“The Bucks saw that no one was taking action after the horrible incident,” said senior Hilla Lasry, who plays shooting guard on the Firehawk basketball team. “So they decided to take action and stated, ‘Despite the overwhelming plea for change, there has been no action, so our focus today cannot be on basketball.’”

Professional athletes, many of whom are members of minority groups, believe the problem hits close to home, as they have watched people like themselves unnecessarily shot and sometimes killed by police — George Floyd being the most well-known recent example. Los Angeles Lakers star NBA player Lebron James said on Aug. 25, in a press conference, “We are scared as Black people in America. Black men, Black women, and Black kids — we are terrified.”

RESPECT: Andrew Petlak, pictured on the mound at a Firehawks baseball game in November 2019, said seeing professional athletes protest was very meaningful. (Photo by Alan Petlak)

Varsity basketball captain Zev Remer, who plays point guard, echoed James’ sentiments.

“I think it’s the right thing, they’re doing it in a respectful way and they’re using the right that they don’t want to play because they feel that something is wrong in our society right now which is very understandable,” said Zev.

Watching sports is a way to escape reality for a couple of hours, and when you don’t have that escape it makes you think about issues that are in the world, and it doesn’t let you run away from the problems. If we can’t correct what’s wrong in the world, then we don’t deserve to watch them play,” said Zev.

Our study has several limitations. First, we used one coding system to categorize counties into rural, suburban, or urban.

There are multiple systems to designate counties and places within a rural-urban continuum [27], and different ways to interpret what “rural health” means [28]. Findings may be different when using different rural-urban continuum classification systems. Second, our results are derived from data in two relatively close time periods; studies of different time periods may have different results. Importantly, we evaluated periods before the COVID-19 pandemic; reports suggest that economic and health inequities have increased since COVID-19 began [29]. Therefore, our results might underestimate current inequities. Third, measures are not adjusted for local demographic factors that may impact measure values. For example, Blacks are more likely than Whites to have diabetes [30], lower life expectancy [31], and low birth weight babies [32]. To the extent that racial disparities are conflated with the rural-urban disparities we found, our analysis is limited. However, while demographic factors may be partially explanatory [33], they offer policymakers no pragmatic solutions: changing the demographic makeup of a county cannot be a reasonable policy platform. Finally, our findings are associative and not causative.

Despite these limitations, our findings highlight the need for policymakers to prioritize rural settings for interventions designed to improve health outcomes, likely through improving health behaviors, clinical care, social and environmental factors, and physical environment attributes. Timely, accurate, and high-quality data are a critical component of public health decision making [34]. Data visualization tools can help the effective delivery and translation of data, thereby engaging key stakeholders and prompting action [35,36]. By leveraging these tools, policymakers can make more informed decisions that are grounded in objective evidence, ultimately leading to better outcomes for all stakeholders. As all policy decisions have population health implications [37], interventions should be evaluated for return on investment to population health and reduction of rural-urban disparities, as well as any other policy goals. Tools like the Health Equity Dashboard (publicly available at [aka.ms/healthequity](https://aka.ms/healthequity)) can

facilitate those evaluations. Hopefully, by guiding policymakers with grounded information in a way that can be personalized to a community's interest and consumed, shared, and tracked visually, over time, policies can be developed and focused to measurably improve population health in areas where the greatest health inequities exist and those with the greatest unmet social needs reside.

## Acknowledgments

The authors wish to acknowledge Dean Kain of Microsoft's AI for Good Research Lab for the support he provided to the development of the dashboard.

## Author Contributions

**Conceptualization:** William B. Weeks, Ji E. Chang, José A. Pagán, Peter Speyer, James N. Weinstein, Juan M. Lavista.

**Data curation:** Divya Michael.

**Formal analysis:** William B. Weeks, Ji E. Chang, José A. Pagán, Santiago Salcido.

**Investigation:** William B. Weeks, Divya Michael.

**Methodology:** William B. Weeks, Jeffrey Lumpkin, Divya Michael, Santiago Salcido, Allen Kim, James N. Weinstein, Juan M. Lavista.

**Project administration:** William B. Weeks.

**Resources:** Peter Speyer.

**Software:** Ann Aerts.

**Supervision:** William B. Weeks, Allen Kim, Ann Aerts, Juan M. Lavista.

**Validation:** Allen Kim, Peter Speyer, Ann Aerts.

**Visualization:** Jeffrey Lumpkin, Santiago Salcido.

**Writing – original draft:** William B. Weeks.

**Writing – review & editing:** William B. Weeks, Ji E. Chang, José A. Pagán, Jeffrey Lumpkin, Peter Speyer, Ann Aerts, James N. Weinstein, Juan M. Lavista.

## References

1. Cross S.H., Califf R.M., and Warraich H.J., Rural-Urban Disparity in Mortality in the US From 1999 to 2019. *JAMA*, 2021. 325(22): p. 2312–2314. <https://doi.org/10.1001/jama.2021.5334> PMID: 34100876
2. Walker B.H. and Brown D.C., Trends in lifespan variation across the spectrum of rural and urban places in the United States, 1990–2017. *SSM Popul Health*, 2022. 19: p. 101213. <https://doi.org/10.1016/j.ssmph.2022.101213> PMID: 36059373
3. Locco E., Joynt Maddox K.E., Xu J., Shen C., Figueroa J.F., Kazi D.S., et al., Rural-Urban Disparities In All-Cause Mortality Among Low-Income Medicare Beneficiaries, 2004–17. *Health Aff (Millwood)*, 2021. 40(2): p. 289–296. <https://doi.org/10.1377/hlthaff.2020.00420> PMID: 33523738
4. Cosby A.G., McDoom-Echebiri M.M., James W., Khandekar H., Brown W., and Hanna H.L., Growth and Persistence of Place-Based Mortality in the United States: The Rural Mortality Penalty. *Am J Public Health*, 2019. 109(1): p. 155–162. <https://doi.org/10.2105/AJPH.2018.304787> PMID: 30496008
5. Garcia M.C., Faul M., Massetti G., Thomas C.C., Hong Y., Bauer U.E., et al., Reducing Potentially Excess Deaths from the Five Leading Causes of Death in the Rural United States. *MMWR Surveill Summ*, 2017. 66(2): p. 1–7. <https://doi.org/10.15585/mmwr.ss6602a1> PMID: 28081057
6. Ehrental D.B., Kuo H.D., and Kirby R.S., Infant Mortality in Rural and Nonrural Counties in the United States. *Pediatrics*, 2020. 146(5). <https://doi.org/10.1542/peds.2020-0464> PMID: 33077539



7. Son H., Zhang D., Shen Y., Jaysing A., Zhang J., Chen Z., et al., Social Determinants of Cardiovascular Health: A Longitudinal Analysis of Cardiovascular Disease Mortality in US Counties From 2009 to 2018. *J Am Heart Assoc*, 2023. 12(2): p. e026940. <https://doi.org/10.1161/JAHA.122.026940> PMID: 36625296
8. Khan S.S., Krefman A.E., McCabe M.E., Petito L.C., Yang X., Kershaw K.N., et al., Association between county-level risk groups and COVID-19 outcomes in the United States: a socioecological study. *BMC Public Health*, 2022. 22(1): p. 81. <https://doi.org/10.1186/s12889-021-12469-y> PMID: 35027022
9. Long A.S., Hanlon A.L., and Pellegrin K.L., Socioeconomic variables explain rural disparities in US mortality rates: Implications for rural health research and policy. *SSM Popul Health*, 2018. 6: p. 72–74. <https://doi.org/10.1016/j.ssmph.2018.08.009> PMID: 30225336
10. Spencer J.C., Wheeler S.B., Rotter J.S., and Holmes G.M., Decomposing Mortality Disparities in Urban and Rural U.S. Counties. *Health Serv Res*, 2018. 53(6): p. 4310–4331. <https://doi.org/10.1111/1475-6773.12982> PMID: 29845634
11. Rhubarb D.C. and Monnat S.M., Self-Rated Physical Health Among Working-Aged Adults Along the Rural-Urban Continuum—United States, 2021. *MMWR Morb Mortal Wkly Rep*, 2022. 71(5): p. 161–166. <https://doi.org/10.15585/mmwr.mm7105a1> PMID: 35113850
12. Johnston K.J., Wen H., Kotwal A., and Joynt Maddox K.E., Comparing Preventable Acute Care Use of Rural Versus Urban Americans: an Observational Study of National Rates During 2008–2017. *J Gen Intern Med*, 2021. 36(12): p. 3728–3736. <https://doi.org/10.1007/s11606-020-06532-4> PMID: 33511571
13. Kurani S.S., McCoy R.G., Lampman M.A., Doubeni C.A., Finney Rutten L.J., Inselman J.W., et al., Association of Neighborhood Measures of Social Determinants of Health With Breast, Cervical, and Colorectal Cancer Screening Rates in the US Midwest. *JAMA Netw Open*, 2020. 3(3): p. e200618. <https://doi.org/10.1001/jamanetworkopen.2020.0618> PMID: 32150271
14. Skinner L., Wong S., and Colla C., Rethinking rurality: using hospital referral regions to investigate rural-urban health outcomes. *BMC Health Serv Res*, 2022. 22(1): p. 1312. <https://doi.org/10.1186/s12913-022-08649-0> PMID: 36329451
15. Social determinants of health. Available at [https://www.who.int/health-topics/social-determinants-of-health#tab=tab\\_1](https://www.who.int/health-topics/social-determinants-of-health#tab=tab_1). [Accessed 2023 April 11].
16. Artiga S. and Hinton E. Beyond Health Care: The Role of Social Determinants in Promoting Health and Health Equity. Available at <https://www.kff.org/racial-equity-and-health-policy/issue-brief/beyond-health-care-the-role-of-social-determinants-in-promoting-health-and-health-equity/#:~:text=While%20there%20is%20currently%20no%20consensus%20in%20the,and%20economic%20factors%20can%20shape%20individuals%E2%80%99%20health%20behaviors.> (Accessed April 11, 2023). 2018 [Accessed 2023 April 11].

But even those who were unhappy about the boycott thought they had learned from it.

Jack Metzger, sophomore Firehawk baseball player, said the delayed games were a missed chance for people to show unity.

“One of the ways we could unite is through sports because most people enjoy sports, and if a sports player says a message, even if they continue playing their game, they will still listen,” said Jack.

Sophomore Elijah Stern, who plays point guard on the JV team, was glad that the protests didn’t extend past the weekend.

“I think the sports games being postponed is the right thing to do, but I don’t think they should be postponed for more than one game,” said Elijah, who plays point guard on the JV team. “Shaquille O’Neal said today, canceling a sports season isn’t gonna turn a racist into a non-racist, and I completely agree with him.”

Four MLB games were also postponed on Aug. 26, including a Dodger game and an Angels game.

But by Aug. 29, all the leagues were up and running. There was little doubt, however, that more people knew about Jacob Blake than would have if sports had not gotten involved.

“Before the Dodgers game [was canceled], I actually didn’t know at all about the incident and what happened to Jacob Blake, and so looking back at it, the players actually succeeded in grabbing my attention and I learned about what happened,” said Joshua Weissman, 11th-grade soccer player.

“And that really wouldn’t have happened if they just played, and maybe if they just made an announcement I would be a lot less likely to look into it. So it was probably a good thing that they protested.”

According to news reports. Jacob Blake is still in the hospital after being shot in the back seven times. He is reportedly in stable condition, paralyzed from the waist down.

This story was originally published on The Boiling Point on August 31, 2020.